Do you think if you EQ only one speaker imaging won't be affected?
 
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tonycollinet

tonycollinet

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Do you think if you EQ only one speaker imaging won't be affected?

No, but I think if the frequency response was mismatched or matched perfectly, imaging would be unaffected if the speakers were swapped left to right.
 

restorer-john

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Most of Yamaha's range of speakers were Left/Right marked and they were always shipped and sold in those matched serial number and marked pairs. All the NS-1000s were L/R paired and plenty of the symmetrical design Yamaha speakers were also L/R paired.

Running design changes to long running products would mean you'd always want a matching pair. Or where speakers were not marked, serial numbers that were close.

In this day with so many odd number speakers being bought for HT and the ability to match them better, I guess left/right pairing is out of fashion.
 

Ultrasonic

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I thought selling speakers as matched pairs had been relatively common for decades? At least for non-budget models.
 

Chromatischism

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No, but I think if the frequency response was mismatched or matched perfectly, imaging would be unaffected if the speakers were swapped left to right.
Granted, this would take some pretty serious sample variance, but if a speaker has a dB more output in the vocal range you can bet imaging will shift towards that speaker.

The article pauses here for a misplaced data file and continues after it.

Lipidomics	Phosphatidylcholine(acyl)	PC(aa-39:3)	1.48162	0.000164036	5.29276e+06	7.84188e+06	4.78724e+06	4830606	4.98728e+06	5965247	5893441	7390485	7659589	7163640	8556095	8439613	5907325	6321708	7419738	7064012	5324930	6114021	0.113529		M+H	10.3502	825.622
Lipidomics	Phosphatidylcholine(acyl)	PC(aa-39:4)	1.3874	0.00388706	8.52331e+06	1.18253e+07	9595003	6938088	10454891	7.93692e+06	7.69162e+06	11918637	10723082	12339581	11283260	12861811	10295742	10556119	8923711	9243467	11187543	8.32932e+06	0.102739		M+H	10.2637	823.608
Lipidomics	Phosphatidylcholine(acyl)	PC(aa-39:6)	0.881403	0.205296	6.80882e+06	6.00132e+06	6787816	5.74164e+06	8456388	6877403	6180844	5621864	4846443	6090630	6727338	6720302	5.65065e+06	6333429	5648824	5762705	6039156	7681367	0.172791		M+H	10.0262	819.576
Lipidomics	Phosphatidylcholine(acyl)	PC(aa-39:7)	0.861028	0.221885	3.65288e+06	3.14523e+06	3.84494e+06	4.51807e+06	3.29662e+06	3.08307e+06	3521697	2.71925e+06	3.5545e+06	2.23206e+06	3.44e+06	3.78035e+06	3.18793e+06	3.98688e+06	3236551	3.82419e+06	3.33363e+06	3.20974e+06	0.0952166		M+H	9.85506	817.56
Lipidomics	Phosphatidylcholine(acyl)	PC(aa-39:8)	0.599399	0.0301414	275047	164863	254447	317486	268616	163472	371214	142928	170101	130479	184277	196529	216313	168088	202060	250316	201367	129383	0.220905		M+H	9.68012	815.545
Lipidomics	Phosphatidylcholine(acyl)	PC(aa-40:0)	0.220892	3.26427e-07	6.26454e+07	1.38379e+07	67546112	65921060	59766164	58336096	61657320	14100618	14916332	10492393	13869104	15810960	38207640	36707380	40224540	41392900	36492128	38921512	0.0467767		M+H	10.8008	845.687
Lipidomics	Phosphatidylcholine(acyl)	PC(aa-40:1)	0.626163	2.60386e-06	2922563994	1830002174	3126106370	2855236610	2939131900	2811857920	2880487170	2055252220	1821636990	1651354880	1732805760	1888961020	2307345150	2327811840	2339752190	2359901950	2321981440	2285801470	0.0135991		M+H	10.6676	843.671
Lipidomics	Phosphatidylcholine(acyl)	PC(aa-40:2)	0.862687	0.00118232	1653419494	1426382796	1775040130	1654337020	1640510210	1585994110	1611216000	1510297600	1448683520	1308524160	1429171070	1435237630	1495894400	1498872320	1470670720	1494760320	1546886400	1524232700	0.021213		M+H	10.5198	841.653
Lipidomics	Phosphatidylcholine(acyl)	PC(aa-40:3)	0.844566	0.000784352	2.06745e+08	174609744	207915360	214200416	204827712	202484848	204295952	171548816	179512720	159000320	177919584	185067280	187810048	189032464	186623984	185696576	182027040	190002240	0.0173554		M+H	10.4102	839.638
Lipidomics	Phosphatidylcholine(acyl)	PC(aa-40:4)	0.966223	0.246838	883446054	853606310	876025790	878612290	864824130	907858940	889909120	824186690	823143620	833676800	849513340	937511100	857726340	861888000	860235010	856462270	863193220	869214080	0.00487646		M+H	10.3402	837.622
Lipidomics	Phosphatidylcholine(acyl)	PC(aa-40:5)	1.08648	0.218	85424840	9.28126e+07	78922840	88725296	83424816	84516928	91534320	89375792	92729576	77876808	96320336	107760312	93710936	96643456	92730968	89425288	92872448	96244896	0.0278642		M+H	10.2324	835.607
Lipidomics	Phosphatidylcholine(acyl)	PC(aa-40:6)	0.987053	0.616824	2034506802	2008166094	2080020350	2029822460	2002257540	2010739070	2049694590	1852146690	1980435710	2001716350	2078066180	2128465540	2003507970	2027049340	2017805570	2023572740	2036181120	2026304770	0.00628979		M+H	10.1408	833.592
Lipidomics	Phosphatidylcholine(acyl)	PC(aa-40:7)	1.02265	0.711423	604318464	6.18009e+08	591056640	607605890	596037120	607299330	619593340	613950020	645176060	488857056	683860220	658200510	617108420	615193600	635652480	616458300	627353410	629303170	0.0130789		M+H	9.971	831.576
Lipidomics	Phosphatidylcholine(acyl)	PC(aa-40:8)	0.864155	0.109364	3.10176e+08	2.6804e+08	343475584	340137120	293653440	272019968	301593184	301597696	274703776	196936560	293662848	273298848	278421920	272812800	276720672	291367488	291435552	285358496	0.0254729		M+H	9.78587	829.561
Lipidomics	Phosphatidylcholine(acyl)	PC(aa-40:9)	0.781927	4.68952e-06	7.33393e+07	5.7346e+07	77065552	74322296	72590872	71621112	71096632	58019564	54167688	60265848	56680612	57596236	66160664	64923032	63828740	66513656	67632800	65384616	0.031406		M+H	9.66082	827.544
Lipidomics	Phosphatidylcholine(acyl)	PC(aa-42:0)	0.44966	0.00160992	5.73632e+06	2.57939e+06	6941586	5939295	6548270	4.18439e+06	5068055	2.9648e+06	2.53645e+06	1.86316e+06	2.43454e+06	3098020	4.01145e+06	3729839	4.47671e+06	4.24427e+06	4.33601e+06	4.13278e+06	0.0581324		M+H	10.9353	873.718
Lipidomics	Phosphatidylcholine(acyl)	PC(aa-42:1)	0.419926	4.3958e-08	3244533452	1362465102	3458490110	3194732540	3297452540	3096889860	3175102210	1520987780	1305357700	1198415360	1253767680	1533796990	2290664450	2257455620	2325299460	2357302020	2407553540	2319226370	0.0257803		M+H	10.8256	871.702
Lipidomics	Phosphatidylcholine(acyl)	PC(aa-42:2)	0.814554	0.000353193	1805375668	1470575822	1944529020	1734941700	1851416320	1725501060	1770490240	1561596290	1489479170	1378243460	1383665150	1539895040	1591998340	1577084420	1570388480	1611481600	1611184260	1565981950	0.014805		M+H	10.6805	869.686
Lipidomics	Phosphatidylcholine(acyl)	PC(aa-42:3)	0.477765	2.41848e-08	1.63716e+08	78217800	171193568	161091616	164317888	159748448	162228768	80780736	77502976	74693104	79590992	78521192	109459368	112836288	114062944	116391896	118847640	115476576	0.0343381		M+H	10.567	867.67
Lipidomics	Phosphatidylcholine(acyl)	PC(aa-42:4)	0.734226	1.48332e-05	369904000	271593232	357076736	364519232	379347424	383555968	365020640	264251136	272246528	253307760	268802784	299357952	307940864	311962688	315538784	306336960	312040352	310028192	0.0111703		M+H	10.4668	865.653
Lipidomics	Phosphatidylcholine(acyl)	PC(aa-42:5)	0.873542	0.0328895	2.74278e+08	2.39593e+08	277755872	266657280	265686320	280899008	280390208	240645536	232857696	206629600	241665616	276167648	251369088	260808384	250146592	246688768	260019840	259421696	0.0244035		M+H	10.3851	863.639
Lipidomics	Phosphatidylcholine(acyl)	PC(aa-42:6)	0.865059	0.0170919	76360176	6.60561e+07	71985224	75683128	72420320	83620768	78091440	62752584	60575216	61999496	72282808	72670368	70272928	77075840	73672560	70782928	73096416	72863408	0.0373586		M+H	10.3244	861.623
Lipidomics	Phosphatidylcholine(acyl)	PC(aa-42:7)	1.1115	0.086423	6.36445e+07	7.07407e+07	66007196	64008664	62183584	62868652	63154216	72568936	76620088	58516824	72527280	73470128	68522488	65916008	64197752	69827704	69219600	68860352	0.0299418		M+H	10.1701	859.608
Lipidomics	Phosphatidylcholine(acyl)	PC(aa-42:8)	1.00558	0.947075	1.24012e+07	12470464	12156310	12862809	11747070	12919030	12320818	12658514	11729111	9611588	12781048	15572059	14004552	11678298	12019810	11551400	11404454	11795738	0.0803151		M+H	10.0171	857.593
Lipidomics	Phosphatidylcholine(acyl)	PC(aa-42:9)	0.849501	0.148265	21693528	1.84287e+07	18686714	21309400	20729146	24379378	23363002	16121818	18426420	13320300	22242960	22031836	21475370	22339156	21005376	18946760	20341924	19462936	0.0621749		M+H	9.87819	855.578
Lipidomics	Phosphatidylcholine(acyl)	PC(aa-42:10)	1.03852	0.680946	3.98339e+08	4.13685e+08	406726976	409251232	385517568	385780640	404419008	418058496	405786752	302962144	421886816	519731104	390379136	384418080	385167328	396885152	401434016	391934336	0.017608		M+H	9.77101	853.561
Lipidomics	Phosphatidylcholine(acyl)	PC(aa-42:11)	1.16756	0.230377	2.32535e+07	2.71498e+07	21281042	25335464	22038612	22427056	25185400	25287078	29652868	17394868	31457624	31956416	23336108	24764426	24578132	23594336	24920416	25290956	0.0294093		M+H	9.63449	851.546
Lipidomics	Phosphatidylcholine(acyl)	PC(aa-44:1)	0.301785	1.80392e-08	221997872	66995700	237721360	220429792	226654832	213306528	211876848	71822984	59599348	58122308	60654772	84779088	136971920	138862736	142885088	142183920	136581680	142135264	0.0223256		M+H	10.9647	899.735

restorer-john

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I thought selling speakers as matched pairs had been relatively common for decades?

Also, the pairing with upper range models was not only for electrical/acoustic matching but also the veneer/grain matching.
 
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tonycollinet

tonycollinet

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Granted, this would take some pretty serious sample variance, but if a speaker has a dB more output in the vocal range you can bet imaging will shift towards that speaker.


Sorry - should have said quality of the imaging. Obviously any left/right bias would follow the speaker, if they were not level matched.

My fundamental point above. The speakers are sold with left right markings, and the instructions are to place them as marked for the best imaging. The reason for that cannot be frequency response. It would only make sense if there was a mirrored asymmetric left right radiation pattern (Which could result from non aligned mechanics as shown in some of the examples above, or (eg) a side facing tweeter). However the Oberons, at least visually, are mechanically symmetric.

I suspect the real reason is internal to Dali - such as tracking speakers through the production process, or managing after sales service etc. Or perhaps they use it for grain matching on the higher end speakrs, and is then used for the entry level vinyl wrapped models for process consistency.
 

KMO

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The speakers are sold with left right markings, and the instructions are to place them as marked for the best imaging.

What specifically does it say? Your quote above only talks about them being a matched pair.